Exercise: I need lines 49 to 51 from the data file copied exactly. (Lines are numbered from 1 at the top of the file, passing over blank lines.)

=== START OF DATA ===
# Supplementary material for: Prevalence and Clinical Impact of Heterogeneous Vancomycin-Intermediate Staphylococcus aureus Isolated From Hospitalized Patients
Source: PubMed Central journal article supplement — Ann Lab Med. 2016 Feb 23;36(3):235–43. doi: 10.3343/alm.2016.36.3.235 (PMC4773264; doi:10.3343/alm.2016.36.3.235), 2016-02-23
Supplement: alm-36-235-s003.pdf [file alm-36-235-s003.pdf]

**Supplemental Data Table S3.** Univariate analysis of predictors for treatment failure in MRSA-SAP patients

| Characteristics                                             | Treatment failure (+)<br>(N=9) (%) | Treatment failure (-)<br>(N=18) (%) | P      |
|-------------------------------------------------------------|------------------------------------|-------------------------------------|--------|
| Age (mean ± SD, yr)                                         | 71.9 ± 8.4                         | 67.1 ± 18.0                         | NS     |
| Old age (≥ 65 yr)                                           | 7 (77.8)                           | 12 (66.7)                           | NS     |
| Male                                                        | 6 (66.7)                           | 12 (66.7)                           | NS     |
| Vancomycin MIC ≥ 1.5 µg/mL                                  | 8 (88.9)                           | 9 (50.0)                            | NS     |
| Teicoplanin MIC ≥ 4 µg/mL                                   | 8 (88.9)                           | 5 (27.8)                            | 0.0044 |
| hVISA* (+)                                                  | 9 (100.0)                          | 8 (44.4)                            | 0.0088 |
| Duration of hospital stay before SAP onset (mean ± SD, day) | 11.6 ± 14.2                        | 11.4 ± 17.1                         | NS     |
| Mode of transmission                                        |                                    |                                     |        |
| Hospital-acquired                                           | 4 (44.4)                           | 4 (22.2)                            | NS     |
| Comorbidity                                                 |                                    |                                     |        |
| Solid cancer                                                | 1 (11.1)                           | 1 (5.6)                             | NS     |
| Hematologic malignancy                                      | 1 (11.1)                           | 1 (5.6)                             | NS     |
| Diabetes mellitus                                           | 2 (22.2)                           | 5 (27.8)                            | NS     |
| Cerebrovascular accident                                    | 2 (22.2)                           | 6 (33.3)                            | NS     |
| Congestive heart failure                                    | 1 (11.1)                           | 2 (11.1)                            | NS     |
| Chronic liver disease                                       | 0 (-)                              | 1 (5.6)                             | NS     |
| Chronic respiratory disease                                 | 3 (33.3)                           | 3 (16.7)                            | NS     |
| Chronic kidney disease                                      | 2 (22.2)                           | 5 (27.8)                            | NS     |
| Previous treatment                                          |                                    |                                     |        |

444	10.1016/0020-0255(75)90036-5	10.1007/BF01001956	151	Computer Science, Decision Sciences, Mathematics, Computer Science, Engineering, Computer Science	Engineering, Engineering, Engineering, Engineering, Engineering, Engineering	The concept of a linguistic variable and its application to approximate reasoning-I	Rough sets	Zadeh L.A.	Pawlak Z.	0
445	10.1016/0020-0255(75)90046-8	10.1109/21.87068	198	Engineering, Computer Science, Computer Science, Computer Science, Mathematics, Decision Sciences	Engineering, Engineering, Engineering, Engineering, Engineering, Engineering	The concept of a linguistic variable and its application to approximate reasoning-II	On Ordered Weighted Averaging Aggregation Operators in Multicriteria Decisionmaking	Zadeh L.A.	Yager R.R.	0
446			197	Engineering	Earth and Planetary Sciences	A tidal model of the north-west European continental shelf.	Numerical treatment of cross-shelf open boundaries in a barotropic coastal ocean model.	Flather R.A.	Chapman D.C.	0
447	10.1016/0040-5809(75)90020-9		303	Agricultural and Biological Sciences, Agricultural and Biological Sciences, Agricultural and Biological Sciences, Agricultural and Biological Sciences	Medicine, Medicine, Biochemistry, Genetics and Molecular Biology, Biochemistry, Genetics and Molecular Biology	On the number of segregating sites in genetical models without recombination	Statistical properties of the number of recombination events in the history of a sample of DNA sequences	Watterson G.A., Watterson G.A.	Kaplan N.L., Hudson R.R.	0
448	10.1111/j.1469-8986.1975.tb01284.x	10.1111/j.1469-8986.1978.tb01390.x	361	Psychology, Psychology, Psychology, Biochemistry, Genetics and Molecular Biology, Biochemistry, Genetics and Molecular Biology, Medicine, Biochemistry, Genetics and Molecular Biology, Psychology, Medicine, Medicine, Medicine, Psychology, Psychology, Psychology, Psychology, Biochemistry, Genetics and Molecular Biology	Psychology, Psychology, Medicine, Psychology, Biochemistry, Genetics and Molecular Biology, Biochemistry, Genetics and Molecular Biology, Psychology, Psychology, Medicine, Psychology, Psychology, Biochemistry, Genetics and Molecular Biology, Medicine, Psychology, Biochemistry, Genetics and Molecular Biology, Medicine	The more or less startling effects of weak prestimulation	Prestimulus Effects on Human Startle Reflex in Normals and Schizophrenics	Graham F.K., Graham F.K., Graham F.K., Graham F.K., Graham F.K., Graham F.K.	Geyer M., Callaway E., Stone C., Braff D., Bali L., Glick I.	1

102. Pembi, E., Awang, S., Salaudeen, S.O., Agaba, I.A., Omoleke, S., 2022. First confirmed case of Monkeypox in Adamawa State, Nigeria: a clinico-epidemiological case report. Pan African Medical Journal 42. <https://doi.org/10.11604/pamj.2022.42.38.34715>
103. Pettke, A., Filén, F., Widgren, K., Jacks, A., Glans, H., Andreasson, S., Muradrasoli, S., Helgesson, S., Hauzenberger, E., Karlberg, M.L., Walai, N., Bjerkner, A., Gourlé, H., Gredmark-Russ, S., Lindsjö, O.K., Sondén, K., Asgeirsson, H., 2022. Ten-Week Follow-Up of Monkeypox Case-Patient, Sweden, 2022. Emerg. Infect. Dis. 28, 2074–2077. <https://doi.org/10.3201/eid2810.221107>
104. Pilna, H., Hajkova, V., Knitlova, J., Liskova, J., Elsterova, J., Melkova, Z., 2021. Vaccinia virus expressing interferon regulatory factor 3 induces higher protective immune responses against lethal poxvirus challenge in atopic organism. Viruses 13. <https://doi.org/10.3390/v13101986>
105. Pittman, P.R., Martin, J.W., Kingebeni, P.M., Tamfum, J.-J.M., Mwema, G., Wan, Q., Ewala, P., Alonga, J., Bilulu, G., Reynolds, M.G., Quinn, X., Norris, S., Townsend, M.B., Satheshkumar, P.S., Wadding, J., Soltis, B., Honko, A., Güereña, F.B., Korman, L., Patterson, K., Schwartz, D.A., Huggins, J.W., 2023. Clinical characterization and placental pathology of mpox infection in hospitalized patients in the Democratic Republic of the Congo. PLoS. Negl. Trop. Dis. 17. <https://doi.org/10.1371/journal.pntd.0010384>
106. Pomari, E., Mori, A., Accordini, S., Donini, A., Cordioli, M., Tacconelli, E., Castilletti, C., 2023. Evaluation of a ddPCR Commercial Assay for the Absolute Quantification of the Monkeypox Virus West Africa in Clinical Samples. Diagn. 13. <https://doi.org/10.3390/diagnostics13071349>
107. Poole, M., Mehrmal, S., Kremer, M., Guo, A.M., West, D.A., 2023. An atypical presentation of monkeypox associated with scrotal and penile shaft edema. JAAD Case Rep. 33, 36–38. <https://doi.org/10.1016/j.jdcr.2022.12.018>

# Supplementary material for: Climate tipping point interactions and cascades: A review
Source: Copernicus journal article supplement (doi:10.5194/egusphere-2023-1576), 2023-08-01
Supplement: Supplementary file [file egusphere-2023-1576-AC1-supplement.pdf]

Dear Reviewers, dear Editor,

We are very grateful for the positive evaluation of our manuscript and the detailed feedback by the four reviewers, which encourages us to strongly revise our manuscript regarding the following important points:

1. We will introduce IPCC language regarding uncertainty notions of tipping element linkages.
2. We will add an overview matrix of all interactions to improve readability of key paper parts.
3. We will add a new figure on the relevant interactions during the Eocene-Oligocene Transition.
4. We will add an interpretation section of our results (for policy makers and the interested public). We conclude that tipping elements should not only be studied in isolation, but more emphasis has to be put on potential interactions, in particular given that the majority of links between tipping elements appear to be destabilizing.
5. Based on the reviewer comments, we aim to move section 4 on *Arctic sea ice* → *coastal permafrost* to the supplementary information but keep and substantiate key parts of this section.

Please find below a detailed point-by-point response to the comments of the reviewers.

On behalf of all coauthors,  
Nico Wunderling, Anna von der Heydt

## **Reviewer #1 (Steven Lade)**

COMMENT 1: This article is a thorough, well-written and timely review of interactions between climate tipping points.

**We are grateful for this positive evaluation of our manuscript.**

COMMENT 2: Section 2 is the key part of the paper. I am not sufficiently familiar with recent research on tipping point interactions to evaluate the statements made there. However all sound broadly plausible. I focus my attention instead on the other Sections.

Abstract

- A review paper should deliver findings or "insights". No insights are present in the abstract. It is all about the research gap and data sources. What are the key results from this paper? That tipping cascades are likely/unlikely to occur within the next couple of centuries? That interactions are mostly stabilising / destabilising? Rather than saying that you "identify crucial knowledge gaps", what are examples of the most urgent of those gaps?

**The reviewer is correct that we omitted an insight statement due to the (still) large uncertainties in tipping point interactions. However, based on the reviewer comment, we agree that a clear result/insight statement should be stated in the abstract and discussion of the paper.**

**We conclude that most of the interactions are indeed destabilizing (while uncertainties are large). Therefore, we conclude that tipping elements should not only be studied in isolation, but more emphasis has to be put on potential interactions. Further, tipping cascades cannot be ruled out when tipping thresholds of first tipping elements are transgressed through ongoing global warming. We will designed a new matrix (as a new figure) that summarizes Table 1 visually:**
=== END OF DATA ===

Nico Wunderling, Anna von der Heydt

## **Reviewer #1 (Steven Lade)**

COMMENT 1: This article is a thorough, well-written and timely review of interactions between climate tipping points.